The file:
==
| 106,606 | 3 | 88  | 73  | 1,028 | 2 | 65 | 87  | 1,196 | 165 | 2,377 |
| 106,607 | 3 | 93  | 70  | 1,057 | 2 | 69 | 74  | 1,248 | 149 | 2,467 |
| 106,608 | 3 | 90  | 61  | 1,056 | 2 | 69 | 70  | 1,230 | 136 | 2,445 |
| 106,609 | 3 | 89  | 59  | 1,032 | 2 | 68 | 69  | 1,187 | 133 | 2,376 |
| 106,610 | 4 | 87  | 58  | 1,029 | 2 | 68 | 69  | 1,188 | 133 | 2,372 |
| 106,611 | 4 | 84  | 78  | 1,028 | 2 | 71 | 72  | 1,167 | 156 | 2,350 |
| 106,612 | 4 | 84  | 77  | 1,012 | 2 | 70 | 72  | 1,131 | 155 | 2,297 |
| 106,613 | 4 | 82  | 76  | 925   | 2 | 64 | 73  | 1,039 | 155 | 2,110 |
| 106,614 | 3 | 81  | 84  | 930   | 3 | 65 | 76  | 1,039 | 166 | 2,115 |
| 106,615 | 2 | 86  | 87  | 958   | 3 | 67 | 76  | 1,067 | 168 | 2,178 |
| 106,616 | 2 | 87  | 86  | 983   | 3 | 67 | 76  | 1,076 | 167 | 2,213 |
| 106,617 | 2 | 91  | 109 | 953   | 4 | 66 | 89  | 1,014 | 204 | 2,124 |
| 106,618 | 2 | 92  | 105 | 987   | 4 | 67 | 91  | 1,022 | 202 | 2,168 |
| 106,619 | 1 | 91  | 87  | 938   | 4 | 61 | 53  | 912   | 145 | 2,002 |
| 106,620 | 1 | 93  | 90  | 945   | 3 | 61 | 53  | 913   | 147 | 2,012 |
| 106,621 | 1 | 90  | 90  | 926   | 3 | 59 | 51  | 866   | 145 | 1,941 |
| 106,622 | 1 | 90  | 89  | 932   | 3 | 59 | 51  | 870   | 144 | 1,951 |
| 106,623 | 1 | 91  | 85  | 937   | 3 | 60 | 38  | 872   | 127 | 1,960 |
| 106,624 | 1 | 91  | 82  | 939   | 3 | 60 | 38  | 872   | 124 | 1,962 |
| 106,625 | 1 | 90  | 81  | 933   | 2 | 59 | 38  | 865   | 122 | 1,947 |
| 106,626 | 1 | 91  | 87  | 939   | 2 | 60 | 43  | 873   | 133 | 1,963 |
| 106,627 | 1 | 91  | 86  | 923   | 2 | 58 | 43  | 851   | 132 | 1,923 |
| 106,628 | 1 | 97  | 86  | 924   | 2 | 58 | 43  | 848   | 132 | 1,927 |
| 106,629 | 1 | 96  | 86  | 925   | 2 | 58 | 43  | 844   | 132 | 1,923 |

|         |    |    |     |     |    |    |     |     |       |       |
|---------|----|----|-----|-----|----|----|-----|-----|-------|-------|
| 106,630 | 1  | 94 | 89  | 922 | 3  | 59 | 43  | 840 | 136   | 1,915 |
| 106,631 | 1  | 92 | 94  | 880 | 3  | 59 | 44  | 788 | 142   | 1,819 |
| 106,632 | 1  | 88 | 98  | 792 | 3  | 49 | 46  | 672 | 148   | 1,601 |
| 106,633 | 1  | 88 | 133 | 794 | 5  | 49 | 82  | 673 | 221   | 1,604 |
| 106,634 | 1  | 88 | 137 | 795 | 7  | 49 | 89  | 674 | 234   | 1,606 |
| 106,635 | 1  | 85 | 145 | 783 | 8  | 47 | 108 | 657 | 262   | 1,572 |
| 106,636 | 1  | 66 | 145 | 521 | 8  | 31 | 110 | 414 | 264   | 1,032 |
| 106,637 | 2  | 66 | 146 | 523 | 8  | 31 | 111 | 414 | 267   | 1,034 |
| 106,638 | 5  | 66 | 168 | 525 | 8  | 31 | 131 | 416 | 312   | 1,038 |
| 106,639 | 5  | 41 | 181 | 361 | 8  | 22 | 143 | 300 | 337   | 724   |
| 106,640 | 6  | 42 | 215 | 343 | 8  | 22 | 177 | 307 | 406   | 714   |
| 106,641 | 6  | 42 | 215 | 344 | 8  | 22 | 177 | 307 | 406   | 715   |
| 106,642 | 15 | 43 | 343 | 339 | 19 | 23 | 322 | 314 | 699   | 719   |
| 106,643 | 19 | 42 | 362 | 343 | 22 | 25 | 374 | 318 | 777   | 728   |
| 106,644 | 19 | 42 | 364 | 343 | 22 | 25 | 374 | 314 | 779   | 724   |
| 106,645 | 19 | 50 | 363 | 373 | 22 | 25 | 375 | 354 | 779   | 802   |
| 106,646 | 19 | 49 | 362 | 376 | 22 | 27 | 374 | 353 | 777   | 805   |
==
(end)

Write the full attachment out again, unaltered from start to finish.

| 106,606 | 3 | 88  | 73  | 1,028 | 2 | 65 | 87  | 1,196 | 165 | 2,377 |
| 106,607 | 3 | 93  | 70  | 1,057 | 2 | 69 | 74  | 1,248 | 149 | 2,467 |
| 106,608 | 3 | 90  | 61  | 1,056 | 2 | 69 | 70  | 1,230 | 136 | 2,445 |
| 106,609 | 3 | 89  | 59  | 1,032 | 2 | 68 | 69  | 1,187 | 133 | 2,376 |
| 106,610 | 4 | 87  | 58  | 1,029 | 2 | 68 | 69  | 1,188 | 133 | 2,372 |
| 106,611 | 4 | 84  | 78  | 1,028 | 2 | 71 | 72  | 1,167 | 156 | 2,350 |
| 106,612 | 4 | 84  | 77  | 1,012 | 2 | 70 | 72  | 1,131 | 155 | 2,297 |
| 106,613 | 4 | 82  | 76  | 925   | 2 | 64 | 73  | 1,039 | 155 | 2,110 |
| 106,614 | 3 | 81  | 84  | 930   | 3 | 65 | 76  | 1,039 | 166 | 2,115 |
| 106,615 | 2 | 86  | 87  | 958   | 3 | 67 | 76  | 1,067 | 168 | 2,178 |
| 106,616 | 2 | 87  | 86  | 983   | 3 | 67 | 76  | 1,076 | 167 | 2,213 |
| 106,617 | 2 | 91  | 109 | 953   | 4 | 66 | 89  | 1,014 | 204 | 2,124 |
| 106,618 | 2 | 92  | 105 | 987   | 4 | 67 | 91  | 1,022 | 202 | 2,168 |
| 106,619 | 1 | 91  | 87  | 938   | 4 | 61 | 53  | 912   | 145 | 2,002 |
| 106,620 | 1 | 93  | 90  | 945   | 3 | 61 | 53  | 913   | 147 | 2,012 |
| 106,621 | 1 | 90  | 90  | 926   | 3 | 59 | 51  | 866   | 145 | 1,941 |
| 106,622 | 1 | 90  | 89  | 932   | 3 | 59 | 51  | 870   | 144 | 1,951 |
| 106,623 | 1 | 91  | 85  | 937   | 3 | 60 | 38  | 872   | 127 | 1,960 |
| 106,624 | 1 | 91  | 82  | 939   | 3 | 60 | 38  | 872   | 124 | 1,962 |
| 106,625 | 1 | 90  | 81  | 933   | 2 | 59 | 38  | 865   | 122 | 1,947 |
| 106,626 | 1 | 91  | 87  | 939   | 2 | 60 | 43  | 873   | 133 | 1,963 |
| 106,627 | 1 | 91  | 86  | 923   | 2 | 58 | 43  | 851   | 132 | 1,923 |
| 106,628 | 1 | 97  | 86  | 924   | 2 | 58 | 43  | 848   | 132 | 1,927 |
| 106,629 | 1 | 96  | 86  | 925   | 2 | 58 | 43  | 844   | 132 | 1,923 |

|         |    |    |     |     |    |    |     |     |       |       |
|---------|----|----|-----|-----|----|----|-----|-----|-------|-------|
| 106,630 | 1  | 94 | 89  | 922 | 3  | 59 | 43  | 840 | 136   | 1,915 |
| 106,631 | 1  | 92 | 94  | 880 | 3  | 59 | 44  | 788 | 142   | 1,819 |
| 106,632 | 1  | 88 | 98  | 792 | 3  | 49 | 46  | 672 | 148   | 1,601 |
| 106,633 | 1  | 88 | 133 | 794 | 5  | 49 | 82  | 673 | 221   | 1,604 |
| 106,634 | 1  | 88 | 137 | 795 | 7  | 49 | 89  | 674 | 234   | 1,606 |
| 106,635 | 1  | 85 | 145 | 783 | 8  | 47 | 108 | 657 | 262   | 1,572 |
| 106,636 | 1  | 66 | 145 | 521 | 8  | 31 | 110 | 414 | 264   | 1,032 |
| 106,637 | 2  | 66 | 146 | 523 | 8  | 31 | 111 | 414 | 267   | 1,034 |
| 106,638 | 5  | 66 | 168 | 525 | 8  | 31 | 131 | 416 | 312   | 1,038 |
| 106,639 | 5  | 41 | 181 | 361 | 8  | 22 | 143 | 300 | 337   | 724   |
| 106,640 | 6  | 42 | 215 | 343 | 8  | 22 | 177 | 307 | 406   | 714   |
| 106,641 | 6  | 42 | 215 | 344 | 8  | 22 | 177 | 307 | 406   | 715   |
| 106,642 | 15 | 43 | 343 | 339 | 19 | 23 | 322 | 314 | 699   | 719   |
| 106,643 | 19 | 42 | 362 | 343 | 22 | 25 | 374 | 318 | 777   | 728   |
| 106,644 | 19 | 42 | 364 | 343 | 22 | 25 | 374 | 314 | 779   | 724   |
| 106,645 | 19 | 50 | 363 | 373 | 22 | 25 | 375 | 354 | 779   | 802   |
| 106,646 | 19 | 49 | 362 | 376 | 22 | 27 | 374 | 353 | 777   | 805   |